Planning to conduct research on the diffusion of shari’a laws on Lombok island, I had booked a week’s accommodation at the “Holiday Resort Lombok” on Senggigi Beach.
I had just come back to my room from a run when the earthquake hit. Although I had experienced earthquakes in Indonesia before—including the Bantul earthquake in 2006 that killed 5,700 people—this time, the shaking was so strong that I felt like being lifted into the air before being thrown violently to the ground.
Together with other foreigners, I joined a group of villagers who followed a small path between partially collapsed buildings into the forest behind the settlement. Many of us were wearing only flip-flops, others had no shoes at all. One woman was all naked but for bath towel wrapped around her as she had been taking a shower when the earthquake struck.
Someone shouted that we needed to get to higher grounds as a Tsunami may be coming. Around 50 tourists and perhaps another 30 villagers eventually gathered at a clearing halfway up the hill. Most foreigners were on their mobile phones, desperately trying to get information or to call families abroad. With only their phone screens visible as they walked around the forest, they looked like a dancing swarm of fireflies.
After a while, the shouting and screaming stopped and everyone just sat there quietly. Someone lit a fire which died down after a minute. At some point, the head of the village’s neighbourhood group (rukun tetangga) showed up to inform the crowd that a tsunami warning had been issued and that we should stay on the hill for a few more hours. After an hour or so, the General Manager of the hotel appeared to inform us that the Tsunami alert had been lifted.
The group on the hill descended to the village’s football field, where over the next hour more and more people from nearby hotels and villages gathered. Some villagers ran off with boxes full of water and blankets. Eventually, I was nodding off. However, the aftershocks—of which there were more than 130 over the next few days, some of which almost as strong as the initial 7.0 earthquake—felt like sitting in a plane during turbulence.
When I woke up, most people had left. A few villagers were collecting empty plastic bottles and cleaning up the square from the garbage the tourists had left behind. I later found out that most tourists had scrambled for taxis and other means of transport during the night to make it to the airport about 1.5 hours away as fast as possible. There were reports of thousands of foreigners rushing to the airport, fist fights over tickets, and cancelled flights. I decided to stay put.
Back at the hotel, the lobby had been destroyed and the roofs of several buildings had collapsed. Handbags, shoes and clothes were strewn across the lawn.
Despite the extensive damage to the workplace, their village and their family homes, the Indonesian staff worked tirelessly to re-book and organise flights for foreigners desperate to leave the island. Staff also provided us with free meals and water as most of the shops in the village had either been destroyed or closed down. A few hours after the earthquake, one foreign tourist felt well enough to complain about the quality of the food that was made available.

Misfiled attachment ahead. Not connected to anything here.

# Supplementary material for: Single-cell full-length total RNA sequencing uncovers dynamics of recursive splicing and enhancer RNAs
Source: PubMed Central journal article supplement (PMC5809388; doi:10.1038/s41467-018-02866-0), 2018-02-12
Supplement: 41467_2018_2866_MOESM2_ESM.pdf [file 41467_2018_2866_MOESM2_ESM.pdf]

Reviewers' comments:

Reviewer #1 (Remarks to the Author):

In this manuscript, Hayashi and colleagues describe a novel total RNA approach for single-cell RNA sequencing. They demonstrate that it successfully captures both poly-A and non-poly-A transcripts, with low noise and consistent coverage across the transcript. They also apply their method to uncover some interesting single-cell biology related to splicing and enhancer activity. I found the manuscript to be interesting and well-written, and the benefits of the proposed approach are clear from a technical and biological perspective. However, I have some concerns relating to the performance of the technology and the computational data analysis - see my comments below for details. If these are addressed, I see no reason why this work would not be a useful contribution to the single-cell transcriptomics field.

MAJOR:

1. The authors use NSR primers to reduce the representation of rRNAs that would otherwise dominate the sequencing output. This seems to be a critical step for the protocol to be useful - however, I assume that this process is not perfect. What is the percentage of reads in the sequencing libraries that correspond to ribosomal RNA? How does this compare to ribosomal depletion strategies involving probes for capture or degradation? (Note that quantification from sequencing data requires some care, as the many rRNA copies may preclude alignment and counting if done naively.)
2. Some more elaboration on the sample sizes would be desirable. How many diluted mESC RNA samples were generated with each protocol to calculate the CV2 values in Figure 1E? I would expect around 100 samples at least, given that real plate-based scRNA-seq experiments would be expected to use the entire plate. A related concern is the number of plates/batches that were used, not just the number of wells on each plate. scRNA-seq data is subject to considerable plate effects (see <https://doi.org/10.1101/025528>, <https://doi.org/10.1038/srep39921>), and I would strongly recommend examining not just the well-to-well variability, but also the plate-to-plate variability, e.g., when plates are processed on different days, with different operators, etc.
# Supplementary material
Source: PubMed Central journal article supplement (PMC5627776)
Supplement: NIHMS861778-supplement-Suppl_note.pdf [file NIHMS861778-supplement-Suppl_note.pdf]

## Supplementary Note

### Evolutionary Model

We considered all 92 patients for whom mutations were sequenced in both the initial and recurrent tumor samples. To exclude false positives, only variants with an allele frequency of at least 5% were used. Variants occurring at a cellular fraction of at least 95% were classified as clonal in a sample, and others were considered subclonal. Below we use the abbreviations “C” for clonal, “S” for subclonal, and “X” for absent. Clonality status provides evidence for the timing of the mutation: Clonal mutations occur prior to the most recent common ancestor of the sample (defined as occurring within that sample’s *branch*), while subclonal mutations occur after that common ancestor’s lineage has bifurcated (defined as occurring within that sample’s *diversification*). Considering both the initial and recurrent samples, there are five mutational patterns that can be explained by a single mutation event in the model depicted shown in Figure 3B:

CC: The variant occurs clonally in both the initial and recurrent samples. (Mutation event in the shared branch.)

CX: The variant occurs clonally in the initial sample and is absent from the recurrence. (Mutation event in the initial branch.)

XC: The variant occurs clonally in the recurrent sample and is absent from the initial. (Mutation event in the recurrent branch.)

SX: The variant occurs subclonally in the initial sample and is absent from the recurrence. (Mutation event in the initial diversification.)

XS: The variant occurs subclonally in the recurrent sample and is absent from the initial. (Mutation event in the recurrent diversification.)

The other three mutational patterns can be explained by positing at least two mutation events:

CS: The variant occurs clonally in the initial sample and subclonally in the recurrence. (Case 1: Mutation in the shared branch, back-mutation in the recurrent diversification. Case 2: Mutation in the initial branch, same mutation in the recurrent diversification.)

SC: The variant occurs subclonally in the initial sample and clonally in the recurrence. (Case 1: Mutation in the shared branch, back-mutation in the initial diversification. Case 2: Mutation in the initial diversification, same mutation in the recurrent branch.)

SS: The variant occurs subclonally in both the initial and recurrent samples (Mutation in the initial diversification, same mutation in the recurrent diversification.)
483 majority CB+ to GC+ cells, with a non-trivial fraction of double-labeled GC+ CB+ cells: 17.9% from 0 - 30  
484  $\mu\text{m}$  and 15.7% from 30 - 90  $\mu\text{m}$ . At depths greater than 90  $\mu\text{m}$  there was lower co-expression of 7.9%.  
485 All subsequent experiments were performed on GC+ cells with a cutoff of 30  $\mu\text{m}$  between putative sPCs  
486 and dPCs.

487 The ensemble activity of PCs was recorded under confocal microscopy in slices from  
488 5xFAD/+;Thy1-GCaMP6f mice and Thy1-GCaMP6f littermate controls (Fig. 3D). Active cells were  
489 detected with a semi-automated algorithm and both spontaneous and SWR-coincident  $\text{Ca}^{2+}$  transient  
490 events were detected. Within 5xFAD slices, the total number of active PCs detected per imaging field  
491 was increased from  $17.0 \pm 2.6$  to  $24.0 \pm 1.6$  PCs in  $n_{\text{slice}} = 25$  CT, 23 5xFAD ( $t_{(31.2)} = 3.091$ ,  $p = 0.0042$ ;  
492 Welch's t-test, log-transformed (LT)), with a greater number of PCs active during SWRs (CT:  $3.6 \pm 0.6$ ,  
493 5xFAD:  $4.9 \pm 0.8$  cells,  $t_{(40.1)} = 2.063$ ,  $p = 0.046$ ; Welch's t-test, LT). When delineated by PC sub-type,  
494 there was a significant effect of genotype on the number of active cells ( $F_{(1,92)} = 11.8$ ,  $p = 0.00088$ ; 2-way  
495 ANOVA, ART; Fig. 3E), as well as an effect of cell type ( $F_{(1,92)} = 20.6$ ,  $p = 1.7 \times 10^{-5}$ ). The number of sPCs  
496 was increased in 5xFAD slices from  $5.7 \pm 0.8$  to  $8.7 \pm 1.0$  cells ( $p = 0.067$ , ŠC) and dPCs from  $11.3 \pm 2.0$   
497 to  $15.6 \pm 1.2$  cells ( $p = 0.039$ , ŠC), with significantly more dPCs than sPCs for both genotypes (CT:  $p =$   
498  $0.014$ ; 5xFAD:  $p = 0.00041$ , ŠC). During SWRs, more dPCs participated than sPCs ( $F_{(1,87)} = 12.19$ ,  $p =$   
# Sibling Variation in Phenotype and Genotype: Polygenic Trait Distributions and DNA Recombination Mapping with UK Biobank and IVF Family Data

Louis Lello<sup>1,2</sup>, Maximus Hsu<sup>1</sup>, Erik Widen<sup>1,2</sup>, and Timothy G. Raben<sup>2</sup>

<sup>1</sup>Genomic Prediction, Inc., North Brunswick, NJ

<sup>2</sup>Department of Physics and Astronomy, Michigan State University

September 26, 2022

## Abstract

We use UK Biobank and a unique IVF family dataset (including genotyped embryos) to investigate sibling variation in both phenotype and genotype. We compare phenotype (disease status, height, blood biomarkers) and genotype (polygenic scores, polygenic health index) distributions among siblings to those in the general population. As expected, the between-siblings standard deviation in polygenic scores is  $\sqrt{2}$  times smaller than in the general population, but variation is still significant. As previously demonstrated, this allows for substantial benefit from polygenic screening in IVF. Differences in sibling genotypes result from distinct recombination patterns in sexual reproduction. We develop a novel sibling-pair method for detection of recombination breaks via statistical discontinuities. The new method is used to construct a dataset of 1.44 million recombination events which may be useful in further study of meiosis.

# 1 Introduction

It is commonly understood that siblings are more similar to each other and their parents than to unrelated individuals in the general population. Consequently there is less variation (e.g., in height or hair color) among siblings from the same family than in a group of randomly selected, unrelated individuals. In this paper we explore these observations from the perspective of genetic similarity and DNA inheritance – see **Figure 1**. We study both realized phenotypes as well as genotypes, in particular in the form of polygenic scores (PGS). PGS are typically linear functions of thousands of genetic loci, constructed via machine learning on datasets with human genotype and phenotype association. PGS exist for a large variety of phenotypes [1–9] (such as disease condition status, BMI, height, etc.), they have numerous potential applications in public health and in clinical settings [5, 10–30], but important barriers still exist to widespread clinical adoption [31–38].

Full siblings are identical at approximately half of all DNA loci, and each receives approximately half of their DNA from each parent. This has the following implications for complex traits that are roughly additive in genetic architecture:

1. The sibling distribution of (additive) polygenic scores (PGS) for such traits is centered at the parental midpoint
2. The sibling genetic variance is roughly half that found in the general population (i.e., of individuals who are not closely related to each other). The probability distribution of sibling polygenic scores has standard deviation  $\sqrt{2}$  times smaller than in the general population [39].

Gradually, the enormous scale of the disaster became clear. There were hundreds of fatalities and more than 150,000 people rendered homeless. After a second night outside, this time in the hotel car park, I eventually decided to leave Lombok. It did not seem right to conduct research in a disaster zone: government officials would certainly have different priorities than answering my questions and data requests.
Although most damage had occurred in the north and northeast of the island, the damage in the villages and towns I drove through was severe. Entire mosques and shops had collapsed and I saw hundreds of people sleeping in tents out in the fields and on the patch of grass separating roads.
The taxi driver who drove me to the airport looked incredibly sad and tired. He told me that he had been working when the earthquake had struck and that he had tried to call his family but to no avail. He had to return his taxi to the company headquarters before being able to drive his motorbike home for an hour. His family had been unharmed but the house was lost. Three generations were sleeping in a makeshift tent next to the rubbles of their home.
Usually, there are hundreds of earthquakes in Indonesia each year. Over the past few years, I have conducted field research in various post-earthquake areas across Indonesia and saw first-hand how limited government support and reconstruction efforts are, even years after a disaster.
The earthquake in Lombok was unusual inasmuch as it struck in a major tourist area. It therefore triggered a more robust international response from both governments and the media. The disaster in Lombok last week therefore also showed the fault lines between rich foreigners—ushered to safety immediately by their insurance providers, security companies and government representatives—and poor Indonesians left behind without much information, protection and support.
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In contrast, the collected and calm attitude of Indonesian villagers, hotel staffers and first-responders in the midst of this crisis was symptomatic of the quietly heroic lives of many Indonesians. An image I will never forget is that of two young Indonesian women standing behind the hotel front desk and under a partially collapsed ceiling, calling insurance companies on behalf of guests, making sure they are ushered to safety as fast as possible. They even waved their foreign guests goodbye—as they themselves stayed behind.
Readers outside Indonesia interested in contributing to funds to support the immediate humanitarian needs of those affected by the earthquake in Lombok may making a donating through the Australian Red Cross or the Singapore Red Cross.